The Dig: UC Executives Threaten To Sue for Their Retirement

This story came out a couple of days ago, and so we really should have jumped on this sooner, but we’ve managed to catch the full picture and updates since the story broke and going into the new year.

A couple of day ago, SF Chronicle broke with this story about a significant number of UC executives who had written a letter to the Regents and President Yudof, threatening to sue the Regents because the new retirement plan passed by the Regents reduced their benefits.  The Group of 36 executives are mostly executives in the medical centers of the UC, along with investment and treasurer executives.  However, they are also joined by a number of professors, the most prominent of such is Dean Christopher Edley, of Berkeley Law.

I don’t believe that the letter was meant to be distributed widely to the public, and was really directly addressed to the Regents and the President, which is why this has become bigger news.  The UC executives argue that they were promised retirement benefits proportional to their salary – which goes beyond a cap instituted by the IRS limiting retirement benefits.  The UC, back in the 90s, did get an exemption from that cap for these executives, but the new retirement plan apparently does not continue that exemption.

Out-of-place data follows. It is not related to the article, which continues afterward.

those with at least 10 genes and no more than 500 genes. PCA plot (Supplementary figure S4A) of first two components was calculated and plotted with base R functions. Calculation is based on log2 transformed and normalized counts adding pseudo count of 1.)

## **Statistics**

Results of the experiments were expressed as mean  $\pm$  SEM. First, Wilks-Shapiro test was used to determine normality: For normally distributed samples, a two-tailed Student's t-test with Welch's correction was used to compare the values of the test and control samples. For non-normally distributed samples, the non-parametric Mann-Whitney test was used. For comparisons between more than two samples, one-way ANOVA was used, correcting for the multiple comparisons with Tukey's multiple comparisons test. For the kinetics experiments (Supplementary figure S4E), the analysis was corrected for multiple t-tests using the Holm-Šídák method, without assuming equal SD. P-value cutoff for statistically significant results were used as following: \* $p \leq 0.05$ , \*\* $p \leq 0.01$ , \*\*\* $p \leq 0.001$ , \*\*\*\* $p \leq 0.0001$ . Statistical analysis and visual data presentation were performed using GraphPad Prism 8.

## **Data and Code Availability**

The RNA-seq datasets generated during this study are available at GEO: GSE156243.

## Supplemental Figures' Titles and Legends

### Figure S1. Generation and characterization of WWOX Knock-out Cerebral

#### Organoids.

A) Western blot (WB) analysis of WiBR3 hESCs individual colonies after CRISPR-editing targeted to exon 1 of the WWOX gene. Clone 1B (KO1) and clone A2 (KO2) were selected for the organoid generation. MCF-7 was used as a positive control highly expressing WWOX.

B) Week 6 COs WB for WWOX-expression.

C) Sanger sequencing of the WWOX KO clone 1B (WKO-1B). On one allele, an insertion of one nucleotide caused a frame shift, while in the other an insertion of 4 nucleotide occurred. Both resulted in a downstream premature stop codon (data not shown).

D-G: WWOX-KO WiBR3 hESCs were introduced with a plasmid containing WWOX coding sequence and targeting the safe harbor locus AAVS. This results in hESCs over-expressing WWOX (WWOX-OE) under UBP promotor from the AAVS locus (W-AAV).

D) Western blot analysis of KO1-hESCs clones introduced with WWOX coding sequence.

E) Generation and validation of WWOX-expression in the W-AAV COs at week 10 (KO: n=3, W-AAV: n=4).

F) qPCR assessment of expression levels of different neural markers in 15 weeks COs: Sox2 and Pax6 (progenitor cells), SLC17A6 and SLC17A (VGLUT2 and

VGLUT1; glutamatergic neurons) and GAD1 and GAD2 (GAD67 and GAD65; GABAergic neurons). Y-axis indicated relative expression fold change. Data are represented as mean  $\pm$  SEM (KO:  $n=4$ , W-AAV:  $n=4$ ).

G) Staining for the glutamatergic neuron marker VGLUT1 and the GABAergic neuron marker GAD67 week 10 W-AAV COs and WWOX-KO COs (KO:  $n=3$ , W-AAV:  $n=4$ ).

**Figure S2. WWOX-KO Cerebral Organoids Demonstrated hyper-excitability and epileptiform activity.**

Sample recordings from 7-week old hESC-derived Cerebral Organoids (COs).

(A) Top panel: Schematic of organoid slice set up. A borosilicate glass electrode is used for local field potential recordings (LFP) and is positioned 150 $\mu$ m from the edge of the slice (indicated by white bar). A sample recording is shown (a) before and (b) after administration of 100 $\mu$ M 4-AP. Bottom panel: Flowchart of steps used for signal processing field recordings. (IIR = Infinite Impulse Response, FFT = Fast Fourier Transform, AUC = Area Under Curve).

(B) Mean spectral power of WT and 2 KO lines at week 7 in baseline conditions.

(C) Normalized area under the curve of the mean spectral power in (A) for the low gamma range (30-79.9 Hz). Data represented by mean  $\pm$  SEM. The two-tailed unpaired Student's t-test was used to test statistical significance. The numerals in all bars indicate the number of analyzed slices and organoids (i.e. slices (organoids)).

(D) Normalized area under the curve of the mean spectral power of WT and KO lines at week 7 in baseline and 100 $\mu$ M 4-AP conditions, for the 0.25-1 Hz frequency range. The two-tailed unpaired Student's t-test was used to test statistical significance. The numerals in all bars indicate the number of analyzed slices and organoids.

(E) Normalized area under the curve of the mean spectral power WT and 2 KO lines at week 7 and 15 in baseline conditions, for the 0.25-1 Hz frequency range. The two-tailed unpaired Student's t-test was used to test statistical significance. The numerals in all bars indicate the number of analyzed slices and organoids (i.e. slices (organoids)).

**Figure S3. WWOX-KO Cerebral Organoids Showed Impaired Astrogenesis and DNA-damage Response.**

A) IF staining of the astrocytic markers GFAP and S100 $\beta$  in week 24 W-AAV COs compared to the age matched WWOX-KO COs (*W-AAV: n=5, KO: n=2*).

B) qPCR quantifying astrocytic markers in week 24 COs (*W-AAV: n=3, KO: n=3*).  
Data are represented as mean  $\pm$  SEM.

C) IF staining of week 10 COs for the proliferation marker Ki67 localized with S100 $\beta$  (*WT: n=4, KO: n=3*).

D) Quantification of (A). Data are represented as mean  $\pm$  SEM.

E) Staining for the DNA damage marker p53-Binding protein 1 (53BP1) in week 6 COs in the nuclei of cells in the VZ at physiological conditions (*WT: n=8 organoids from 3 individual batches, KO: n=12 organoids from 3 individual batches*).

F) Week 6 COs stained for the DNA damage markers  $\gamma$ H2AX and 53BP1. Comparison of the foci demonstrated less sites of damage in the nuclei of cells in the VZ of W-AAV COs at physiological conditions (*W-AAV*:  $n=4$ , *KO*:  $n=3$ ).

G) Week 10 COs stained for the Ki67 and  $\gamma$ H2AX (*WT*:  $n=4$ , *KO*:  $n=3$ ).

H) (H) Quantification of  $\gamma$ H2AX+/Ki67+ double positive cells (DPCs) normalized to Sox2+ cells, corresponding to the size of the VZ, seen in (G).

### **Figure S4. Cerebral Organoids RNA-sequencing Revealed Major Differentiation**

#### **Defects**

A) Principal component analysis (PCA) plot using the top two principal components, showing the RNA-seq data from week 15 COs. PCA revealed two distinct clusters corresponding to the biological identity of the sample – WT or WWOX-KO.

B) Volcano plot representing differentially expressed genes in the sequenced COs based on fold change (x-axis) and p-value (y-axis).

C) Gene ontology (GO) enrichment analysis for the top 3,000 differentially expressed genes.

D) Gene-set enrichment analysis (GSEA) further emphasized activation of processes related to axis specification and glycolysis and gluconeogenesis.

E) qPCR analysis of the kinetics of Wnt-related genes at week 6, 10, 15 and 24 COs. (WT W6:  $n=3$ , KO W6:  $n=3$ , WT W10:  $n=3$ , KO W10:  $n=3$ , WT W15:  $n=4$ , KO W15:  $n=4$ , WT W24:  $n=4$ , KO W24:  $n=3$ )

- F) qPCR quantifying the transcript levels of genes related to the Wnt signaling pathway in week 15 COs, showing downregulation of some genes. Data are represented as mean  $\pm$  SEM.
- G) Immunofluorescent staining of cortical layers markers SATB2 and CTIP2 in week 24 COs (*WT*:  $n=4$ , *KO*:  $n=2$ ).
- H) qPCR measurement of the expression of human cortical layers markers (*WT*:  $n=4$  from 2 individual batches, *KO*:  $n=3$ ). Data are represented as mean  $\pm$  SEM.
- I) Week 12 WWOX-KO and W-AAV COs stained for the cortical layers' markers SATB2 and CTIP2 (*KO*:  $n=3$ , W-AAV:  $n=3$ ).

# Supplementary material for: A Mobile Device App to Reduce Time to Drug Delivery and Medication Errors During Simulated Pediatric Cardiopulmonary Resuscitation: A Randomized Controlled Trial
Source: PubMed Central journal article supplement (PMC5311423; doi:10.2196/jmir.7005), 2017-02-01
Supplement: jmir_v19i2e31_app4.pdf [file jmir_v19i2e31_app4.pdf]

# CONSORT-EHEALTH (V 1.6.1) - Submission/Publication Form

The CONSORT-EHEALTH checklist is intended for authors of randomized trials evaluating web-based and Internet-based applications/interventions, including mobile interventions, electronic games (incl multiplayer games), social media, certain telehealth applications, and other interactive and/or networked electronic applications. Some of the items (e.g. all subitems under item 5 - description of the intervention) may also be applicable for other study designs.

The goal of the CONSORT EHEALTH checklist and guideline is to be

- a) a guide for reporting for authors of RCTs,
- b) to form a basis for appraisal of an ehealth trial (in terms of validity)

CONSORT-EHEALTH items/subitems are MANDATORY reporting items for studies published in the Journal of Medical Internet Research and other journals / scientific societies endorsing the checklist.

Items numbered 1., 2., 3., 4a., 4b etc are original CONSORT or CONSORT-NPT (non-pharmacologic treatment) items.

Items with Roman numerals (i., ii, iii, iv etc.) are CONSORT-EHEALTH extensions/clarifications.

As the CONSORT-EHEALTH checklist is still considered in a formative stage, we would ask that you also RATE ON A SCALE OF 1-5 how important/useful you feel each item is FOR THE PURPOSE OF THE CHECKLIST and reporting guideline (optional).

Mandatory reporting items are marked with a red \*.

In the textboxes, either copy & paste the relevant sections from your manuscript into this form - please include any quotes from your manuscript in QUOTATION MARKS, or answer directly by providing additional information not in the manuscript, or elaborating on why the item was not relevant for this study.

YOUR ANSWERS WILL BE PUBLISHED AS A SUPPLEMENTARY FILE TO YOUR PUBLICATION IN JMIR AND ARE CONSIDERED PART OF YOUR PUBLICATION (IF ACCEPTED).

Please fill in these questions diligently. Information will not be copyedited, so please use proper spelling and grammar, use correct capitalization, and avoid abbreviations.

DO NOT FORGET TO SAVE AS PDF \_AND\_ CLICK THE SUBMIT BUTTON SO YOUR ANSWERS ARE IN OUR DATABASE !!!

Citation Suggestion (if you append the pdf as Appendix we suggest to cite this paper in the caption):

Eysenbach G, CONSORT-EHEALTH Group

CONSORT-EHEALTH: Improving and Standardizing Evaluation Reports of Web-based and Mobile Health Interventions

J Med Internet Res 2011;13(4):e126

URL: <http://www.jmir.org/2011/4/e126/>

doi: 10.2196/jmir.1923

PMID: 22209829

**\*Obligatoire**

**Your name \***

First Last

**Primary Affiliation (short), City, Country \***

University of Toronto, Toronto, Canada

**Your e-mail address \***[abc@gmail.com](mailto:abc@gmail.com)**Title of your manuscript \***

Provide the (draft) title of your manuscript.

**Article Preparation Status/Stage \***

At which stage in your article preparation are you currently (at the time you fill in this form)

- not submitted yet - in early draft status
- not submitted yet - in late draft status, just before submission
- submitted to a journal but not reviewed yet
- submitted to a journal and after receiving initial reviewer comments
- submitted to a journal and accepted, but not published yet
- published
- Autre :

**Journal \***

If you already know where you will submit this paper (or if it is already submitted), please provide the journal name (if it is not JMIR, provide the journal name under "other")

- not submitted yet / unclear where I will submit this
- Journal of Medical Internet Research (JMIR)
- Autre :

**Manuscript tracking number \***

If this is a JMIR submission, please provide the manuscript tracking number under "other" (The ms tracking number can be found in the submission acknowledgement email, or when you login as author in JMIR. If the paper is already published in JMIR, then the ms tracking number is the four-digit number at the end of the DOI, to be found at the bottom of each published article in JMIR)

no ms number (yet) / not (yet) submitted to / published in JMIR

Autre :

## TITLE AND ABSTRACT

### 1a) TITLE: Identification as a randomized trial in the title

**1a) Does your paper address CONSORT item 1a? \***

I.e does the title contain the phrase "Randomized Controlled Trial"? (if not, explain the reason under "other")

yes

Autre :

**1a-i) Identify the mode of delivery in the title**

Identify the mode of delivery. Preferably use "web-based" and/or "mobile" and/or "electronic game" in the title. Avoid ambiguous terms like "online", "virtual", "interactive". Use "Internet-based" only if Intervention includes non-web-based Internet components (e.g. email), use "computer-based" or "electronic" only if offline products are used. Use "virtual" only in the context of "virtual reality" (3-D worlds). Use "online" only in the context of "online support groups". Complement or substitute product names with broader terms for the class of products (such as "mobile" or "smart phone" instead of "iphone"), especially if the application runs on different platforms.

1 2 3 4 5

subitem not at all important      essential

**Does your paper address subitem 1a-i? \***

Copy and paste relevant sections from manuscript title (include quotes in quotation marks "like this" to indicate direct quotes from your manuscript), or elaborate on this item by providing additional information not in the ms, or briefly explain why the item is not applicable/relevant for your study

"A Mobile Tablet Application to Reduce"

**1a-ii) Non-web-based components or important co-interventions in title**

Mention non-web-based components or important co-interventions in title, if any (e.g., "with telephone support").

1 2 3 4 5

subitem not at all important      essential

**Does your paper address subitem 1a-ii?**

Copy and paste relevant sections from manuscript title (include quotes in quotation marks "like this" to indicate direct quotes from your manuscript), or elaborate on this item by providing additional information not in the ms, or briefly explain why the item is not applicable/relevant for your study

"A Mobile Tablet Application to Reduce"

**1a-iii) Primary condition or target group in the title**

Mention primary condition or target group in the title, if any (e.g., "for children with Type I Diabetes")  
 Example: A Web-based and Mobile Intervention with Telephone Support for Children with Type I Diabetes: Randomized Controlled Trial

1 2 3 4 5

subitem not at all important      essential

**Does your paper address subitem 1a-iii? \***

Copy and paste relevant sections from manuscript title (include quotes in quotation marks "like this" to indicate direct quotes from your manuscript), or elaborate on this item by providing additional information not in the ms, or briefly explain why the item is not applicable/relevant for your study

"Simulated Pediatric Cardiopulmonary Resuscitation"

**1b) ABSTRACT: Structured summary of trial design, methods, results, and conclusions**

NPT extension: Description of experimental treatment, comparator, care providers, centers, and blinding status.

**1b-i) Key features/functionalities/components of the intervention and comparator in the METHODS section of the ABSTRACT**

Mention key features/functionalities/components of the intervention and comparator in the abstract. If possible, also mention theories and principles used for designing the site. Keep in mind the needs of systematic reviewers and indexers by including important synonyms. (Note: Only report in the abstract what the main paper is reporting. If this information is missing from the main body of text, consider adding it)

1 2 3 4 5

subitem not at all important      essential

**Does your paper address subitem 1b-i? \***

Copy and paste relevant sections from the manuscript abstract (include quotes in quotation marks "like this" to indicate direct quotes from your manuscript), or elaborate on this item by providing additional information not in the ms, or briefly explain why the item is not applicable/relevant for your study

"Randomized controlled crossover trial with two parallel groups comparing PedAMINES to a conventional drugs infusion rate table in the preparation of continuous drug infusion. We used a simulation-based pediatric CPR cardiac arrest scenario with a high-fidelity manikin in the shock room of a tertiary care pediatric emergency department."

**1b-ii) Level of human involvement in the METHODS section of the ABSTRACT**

The cost of the executives request is 51.5million dollars upfront to make the changes retroactive, and 5.5million dollars a year going forward.  This money may involve student fee dollars, as many retirement funds will.

SF Chronicle then reported that for now, Yudof is against the increases, although UCOP has not released yet an official statement or response to the letter.  There was talk about giving the Regents “more time to review”, the Regents will ultimately have the final decision in this, although Yudof and UCOP will inevitably play a large factor.  Gov-Elect Brown, Speaker Perez, and State Senator Leland Yee have all spoken out against the letter.